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Twitter Should Not Take the Google Offer, Or Any Offer!

Posted on the 19 January 2012 by Combi31 @combi31

Twitter Should Not Take the Google Offer, Or Any Offer!

The blogosphere, ezines, and social media networks, have been blogging, printing, and twittering over the last week or two in regards to news that Google is close to making an offer for Twitter. Too many authors have been getting dinged for jumping on the band-wagon; don’t believe the Google purchase of Twitter hype! Authors are commenting that they should sell, sell, sell, for any amount that Google offers. What are all of the “rumored” offers?

So far, I’ve seen Twitter offer amounts numbering Two Hundred and Fifty Million, Five Hundred Million, or One Billion? Read all of the articles regarding this matter, and and you’ll find one word in common with all of them, they state that it is a “rumored offer” or simply just a “rumor”.

I have been reading article after article, and have analyzed all of their arguments. Amazingly enough, even after information from a reliable source within Twitter was released stating that “There was a discussion [Google executive Marissa Mayer's] group about real-time search and about product stuff. It was a couple weeks ago. It was very preliminary…and that was that.” and another source stating: “Seriously, no negotiations, no deal, nada.”, the internet chatter of a Google purchase of Twitter is still a-buzzing! So why, if reliable sources are stating to the contrary, are so many internet authors and bloggers still fueling these “Google purchase of Twitter” fires?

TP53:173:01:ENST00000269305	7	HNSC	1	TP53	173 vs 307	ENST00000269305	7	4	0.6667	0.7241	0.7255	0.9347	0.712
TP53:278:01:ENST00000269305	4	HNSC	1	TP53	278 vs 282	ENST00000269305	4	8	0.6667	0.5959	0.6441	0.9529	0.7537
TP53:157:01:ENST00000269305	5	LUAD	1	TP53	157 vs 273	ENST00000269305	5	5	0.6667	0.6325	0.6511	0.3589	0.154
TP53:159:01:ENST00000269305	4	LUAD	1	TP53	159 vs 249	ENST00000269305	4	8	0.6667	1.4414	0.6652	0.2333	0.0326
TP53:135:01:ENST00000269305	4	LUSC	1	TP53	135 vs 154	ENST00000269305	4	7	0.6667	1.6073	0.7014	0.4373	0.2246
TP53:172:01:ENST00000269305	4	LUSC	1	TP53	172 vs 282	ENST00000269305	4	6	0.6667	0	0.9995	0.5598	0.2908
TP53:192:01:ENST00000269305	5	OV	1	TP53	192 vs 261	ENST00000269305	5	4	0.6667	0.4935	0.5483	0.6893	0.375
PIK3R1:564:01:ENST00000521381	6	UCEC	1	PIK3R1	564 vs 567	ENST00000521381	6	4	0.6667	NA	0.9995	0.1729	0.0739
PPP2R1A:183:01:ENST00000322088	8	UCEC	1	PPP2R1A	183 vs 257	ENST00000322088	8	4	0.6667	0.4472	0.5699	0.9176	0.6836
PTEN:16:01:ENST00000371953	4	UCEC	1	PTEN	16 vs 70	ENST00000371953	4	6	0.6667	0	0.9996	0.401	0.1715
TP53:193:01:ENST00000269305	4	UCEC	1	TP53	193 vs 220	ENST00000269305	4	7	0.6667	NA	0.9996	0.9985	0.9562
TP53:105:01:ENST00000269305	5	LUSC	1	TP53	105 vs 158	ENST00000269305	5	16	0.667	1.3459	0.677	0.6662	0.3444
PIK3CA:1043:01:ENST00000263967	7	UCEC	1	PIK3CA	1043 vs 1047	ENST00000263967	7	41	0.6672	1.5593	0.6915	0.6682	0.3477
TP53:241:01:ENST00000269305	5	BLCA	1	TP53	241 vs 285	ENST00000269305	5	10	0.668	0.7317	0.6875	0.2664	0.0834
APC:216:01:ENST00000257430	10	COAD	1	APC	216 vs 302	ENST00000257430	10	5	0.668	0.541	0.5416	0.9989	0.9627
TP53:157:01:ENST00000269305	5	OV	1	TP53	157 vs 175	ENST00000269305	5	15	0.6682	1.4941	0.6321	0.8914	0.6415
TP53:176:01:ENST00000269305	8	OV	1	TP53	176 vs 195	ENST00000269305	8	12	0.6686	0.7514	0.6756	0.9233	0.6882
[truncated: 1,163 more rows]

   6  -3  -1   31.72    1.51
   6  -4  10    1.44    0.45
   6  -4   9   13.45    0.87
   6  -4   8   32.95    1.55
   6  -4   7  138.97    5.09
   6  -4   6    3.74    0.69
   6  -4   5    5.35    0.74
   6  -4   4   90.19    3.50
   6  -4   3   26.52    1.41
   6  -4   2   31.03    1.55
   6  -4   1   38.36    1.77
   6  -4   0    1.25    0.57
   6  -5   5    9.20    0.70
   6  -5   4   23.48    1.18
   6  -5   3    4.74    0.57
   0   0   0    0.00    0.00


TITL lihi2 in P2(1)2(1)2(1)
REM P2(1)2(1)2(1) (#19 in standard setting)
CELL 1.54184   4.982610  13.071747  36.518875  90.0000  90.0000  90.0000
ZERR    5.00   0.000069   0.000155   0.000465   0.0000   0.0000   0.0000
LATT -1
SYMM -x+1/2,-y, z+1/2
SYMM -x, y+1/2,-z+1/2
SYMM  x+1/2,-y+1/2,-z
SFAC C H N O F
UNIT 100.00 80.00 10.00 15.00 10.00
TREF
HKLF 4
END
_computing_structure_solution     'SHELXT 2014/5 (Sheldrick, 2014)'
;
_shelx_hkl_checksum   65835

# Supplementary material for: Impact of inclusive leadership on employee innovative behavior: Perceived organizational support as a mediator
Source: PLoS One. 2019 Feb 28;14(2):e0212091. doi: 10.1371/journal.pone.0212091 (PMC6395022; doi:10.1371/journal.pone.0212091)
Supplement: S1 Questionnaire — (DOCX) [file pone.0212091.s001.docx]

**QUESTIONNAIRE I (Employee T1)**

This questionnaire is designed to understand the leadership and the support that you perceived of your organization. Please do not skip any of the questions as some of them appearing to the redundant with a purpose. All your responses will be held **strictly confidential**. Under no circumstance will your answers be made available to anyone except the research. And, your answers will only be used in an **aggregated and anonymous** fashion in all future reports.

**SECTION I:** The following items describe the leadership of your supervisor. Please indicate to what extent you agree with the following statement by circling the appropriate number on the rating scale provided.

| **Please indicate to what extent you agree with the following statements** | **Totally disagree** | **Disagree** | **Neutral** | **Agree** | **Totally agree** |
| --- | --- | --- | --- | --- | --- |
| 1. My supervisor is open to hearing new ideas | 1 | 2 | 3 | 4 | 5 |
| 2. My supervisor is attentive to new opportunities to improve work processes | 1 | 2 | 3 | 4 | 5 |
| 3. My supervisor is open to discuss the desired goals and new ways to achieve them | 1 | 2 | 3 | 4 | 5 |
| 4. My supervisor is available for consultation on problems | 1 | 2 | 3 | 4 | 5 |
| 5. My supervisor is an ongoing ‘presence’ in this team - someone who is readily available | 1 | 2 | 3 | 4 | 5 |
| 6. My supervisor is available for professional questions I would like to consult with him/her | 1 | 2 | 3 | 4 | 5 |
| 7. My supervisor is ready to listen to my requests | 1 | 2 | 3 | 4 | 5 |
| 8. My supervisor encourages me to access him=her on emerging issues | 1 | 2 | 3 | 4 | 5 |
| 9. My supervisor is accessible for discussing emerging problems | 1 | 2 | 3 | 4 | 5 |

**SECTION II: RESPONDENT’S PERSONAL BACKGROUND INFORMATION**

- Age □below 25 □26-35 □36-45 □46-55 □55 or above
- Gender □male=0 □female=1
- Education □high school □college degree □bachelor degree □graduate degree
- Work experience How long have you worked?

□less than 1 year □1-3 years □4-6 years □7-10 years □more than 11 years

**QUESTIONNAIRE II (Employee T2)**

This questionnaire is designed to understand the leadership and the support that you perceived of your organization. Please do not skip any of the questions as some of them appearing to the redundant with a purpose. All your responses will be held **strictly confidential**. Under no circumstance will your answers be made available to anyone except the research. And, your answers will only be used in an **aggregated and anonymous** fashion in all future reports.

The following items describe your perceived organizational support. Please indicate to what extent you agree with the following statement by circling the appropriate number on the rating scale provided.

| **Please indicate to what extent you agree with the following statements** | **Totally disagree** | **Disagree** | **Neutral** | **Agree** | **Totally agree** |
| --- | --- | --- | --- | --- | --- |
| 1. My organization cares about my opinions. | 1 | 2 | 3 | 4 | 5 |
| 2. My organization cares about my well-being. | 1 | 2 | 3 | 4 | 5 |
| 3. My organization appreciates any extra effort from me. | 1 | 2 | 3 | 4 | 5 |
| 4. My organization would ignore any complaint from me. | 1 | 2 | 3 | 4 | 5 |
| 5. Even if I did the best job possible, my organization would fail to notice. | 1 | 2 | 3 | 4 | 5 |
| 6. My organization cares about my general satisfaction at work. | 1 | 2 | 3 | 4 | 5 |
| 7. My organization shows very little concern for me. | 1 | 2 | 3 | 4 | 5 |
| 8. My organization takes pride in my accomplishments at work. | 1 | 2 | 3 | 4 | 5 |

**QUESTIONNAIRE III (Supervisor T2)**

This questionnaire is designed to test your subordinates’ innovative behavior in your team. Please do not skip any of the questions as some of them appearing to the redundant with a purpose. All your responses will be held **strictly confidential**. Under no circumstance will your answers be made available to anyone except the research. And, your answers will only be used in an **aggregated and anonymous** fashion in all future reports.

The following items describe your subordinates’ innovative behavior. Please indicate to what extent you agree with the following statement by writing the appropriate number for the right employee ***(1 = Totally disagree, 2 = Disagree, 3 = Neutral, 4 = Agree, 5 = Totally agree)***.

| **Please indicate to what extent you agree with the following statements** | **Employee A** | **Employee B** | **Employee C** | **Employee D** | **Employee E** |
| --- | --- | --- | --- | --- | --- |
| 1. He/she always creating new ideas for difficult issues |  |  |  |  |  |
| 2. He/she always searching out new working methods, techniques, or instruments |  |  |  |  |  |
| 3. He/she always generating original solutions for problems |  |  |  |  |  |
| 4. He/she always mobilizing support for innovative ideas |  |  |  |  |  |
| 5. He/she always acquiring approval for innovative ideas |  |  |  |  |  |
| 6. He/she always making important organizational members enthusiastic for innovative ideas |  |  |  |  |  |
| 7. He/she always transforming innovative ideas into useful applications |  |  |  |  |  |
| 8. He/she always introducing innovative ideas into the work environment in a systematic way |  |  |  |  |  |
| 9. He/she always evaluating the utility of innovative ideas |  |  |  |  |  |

Let’s review their arguments:

1) There is no real value in Twitter, so sell while Google’s buying!

So many people have criticized Twitter’s fast rising success, attributing it to good marketing and having public attraction from its newness and public hype, and are stating that it will be short-lived. Several authors state that the “messages are short, and often-times pointless”, or “That it’s full of trivial rubbish”. However, sometimes people simply appreciate a little brevity in life. The tremendous success and current use of “Leet Speak” on the internet is an excellent example of this fact. Being capable of expressing a complete thought or group of thoughts within 140 characters is not a sign of a lack of intelligence, but of analytical and interpretive intelligence.

2) Twitter is holding onto an idealistic fantasy.

The argument that Twitter is trying to avoid reality is preposterous. Twitter is realism, twenty-four hours a day, and it is as social impacting or as mundane as the person chooses. If a person wants to share their personal insights or experiences, they can. If a person wants to try to change the world 140 characters at a time, they can. If you want to educate or share information with anyone who wants to read it, you can! There are no filters, only that you choose to “listen” to what each particular person has to say. Yes, there will be some insincerity present. However, when is it not present in our lives? You have to filter through the B.S. and choose who is sincere, and who isn’t. Then, you simply give the insincere people the boot by stopping to follow them, or block them altogether!

3) Twitter has no value as a business to customer interface.

Ok. Really… Who the heck was dumb enough to even start this argument. Twitter allows brief SMS-like communications between two entities, whether that be a person or an organization. In fact, companies have been using SMS interfaces for customer notification and advertising for some time now. Now, let’s say you create a Twitter feed for your company. You then, take all of the Twitter feeds to your company profile, consisting of complaints and suggestions, and feed them into a server for storage. Next, you analyze the content of the tweets for keyword content, and then categorize and group them together for analysis. You now have a pretty effective analytical tool that allows you to know what your customers are thinking about, how many of them are thinking about the same thing, as well as how much of those thoughts are addressed by the projects and issues your employees are currently working on, or not working on!